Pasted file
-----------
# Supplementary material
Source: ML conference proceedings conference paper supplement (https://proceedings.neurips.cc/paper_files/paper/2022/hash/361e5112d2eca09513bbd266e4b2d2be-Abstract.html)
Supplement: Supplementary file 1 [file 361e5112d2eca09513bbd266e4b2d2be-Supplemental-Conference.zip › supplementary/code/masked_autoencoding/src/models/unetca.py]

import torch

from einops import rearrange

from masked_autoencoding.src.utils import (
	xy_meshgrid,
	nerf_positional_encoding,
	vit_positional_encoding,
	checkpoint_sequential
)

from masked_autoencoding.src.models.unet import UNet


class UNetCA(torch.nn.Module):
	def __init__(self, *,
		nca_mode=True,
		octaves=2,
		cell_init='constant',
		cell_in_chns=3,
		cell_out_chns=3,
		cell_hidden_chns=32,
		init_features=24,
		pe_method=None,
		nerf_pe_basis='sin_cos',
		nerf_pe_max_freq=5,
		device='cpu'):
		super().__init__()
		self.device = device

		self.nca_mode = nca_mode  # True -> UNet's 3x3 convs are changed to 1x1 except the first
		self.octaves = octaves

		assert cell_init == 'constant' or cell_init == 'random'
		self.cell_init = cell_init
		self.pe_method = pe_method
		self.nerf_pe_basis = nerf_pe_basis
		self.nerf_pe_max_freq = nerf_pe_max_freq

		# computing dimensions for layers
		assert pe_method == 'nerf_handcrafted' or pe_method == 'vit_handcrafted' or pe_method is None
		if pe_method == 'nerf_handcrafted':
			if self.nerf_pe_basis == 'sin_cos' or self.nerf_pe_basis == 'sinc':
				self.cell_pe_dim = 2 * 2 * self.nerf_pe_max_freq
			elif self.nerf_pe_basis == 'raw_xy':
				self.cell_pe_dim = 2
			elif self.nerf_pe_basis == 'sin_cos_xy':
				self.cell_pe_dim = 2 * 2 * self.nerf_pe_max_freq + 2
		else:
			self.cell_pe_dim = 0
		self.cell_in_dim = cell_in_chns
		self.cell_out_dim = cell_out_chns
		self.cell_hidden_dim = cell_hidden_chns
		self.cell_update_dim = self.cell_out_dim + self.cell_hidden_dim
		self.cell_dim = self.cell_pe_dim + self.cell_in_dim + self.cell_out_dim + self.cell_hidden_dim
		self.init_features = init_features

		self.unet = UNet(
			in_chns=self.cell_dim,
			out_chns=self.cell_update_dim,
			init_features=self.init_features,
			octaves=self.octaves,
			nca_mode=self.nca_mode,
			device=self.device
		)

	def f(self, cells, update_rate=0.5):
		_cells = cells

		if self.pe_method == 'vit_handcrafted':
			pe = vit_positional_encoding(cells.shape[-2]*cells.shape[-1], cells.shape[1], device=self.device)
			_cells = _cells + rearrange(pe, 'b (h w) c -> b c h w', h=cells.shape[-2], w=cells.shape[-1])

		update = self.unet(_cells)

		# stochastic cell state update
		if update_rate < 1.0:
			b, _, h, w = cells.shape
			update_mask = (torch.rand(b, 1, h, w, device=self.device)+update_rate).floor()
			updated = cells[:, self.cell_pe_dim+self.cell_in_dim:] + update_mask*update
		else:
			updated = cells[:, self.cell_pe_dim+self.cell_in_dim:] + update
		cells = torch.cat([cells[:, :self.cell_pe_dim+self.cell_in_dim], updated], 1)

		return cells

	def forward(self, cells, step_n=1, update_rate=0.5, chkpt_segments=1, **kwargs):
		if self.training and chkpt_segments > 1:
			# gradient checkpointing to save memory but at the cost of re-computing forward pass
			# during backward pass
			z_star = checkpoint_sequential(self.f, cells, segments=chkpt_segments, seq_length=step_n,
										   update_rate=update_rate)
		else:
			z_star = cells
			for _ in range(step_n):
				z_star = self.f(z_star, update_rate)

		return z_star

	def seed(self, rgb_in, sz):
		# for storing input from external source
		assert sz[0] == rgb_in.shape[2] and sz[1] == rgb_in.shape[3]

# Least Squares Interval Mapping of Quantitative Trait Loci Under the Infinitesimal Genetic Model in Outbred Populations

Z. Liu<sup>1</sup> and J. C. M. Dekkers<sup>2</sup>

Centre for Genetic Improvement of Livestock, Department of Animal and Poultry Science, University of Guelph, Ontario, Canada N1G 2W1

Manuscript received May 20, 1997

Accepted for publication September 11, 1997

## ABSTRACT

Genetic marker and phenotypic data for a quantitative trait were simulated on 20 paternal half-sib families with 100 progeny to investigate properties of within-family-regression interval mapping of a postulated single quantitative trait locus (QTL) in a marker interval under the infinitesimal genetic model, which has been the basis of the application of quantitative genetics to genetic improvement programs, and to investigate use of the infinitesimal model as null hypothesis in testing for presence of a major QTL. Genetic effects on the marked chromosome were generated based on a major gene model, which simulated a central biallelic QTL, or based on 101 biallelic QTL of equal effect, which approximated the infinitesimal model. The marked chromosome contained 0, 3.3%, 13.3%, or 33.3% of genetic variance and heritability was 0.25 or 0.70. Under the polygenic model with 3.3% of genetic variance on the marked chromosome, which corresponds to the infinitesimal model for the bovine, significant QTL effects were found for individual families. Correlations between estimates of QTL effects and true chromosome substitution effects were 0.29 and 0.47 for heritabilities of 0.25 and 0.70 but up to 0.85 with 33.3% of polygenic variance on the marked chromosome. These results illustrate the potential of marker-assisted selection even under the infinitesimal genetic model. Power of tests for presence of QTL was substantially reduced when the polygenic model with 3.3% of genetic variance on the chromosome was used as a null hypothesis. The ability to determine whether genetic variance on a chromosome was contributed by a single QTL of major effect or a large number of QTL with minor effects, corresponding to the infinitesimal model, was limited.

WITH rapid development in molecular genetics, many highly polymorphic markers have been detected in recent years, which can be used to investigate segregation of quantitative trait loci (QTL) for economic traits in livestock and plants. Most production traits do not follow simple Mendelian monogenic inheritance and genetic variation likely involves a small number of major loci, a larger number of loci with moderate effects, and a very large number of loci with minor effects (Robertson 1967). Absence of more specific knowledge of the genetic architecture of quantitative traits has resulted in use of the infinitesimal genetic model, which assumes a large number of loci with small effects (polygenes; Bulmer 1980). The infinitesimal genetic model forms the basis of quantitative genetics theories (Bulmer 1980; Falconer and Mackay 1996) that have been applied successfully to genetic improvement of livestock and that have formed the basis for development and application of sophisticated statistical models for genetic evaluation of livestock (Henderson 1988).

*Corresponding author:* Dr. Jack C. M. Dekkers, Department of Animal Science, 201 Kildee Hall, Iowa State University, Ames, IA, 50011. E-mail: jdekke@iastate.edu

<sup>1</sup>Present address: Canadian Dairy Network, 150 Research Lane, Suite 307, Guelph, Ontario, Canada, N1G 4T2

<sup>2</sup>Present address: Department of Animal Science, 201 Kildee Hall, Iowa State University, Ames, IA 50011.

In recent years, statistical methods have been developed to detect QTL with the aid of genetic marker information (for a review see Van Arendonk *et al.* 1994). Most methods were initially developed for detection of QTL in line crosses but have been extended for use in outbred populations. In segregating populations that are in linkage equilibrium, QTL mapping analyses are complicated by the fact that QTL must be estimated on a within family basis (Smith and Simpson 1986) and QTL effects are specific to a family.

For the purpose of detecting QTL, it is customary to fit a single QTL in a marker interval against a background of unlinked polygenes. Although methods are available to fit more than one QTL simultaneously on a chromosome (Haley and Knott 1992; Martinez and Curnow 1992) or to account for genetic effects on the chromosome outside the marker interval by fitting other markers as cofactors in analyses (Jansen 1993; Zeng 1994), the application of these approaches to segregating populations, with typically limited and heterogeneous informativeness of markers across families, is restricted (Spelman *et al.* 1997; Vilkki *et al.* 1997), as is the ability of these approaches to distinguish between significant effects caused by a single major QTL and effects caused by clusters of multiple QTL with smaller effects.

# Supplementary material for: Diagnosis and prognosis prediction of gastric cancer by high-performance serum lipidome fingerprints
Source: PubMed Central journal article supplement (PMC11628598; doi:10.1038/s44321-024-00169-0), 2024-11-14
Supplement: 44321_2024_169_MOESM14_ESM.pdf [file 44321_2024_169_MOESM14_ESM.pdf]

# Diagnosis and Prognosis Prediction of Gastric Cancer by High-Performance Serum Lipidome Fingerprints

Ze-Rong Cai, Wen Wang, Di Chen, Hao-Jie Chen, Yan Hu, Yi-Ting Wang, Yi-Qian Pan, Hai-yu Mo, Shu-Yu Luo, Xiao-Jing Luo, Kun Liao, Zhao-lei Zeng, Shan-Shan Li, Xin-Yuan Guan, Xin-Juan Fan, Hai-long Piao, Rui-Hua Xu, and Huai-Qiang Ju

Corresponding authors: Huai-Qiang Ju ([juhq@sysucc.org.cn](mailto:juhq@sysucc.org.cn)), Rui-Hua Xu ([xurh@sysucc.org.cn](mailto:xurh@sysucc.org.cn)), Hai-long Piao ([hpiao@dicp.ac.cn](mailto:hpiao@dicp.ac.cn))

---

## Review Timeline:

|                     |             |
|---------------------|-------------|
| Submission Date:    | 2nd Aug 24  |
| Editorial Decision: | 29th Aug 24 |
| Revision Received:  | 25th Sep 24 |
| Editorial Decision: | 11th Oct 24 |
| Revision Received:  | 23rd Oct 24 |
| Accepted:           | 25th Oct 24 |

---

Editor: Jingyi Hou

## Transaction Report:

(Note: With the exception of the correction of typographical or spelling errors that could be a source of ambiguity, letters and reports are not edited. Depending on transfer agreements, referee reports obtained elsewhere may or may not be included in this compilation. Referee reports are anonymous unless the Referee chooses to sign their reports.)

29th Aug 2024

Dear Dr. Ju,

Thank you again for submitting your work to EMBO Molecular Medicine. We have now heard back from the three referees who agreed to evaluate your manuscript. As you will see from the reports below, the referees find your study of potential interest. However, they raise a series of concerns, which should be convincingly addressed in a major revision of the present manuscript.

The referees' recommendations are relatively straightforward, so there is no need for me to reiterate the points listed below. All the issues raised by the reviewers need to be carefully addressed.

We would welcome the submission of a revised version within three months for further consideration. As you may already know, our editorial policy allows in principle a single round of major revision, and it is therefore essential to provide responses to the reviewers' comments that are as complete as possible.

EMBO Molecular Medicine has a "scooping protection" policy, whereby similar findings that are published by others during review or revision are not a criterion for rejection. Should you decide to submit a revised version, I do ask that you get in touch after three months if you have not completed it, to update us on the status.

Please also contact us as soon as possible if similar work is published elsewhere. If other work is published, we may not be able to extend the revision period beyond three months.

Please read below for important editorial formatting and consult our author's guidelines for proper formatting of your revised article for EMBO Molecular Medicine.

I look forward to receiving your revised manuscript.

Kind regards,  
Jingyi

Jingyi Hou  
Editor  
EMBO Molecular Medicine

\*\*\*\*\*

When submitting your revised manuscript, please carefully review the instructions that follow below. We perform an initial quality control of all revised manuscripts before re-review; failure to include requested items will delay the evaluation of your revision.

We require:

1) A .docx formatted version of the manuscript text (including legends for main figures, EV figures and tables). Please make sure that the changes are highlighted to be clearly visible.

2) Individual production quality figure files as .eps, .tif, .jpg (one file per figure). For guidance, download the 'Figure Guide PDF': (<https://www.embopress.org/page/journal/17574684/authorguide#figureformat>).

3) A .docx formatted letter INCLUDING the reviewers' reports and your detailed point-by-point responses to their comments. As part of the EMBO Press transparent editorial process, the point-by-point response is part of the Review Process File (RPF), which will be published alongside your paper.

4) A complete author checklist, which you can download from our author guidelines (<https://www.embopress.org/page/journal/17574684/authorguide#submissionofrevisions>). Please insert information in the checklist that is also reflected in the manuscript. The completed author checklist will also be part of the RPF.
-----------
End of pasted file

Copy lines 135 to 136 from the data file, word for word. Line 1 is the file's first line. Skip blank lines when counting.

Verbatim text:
EMBO Molecular Medicine

\*\*\*\*\*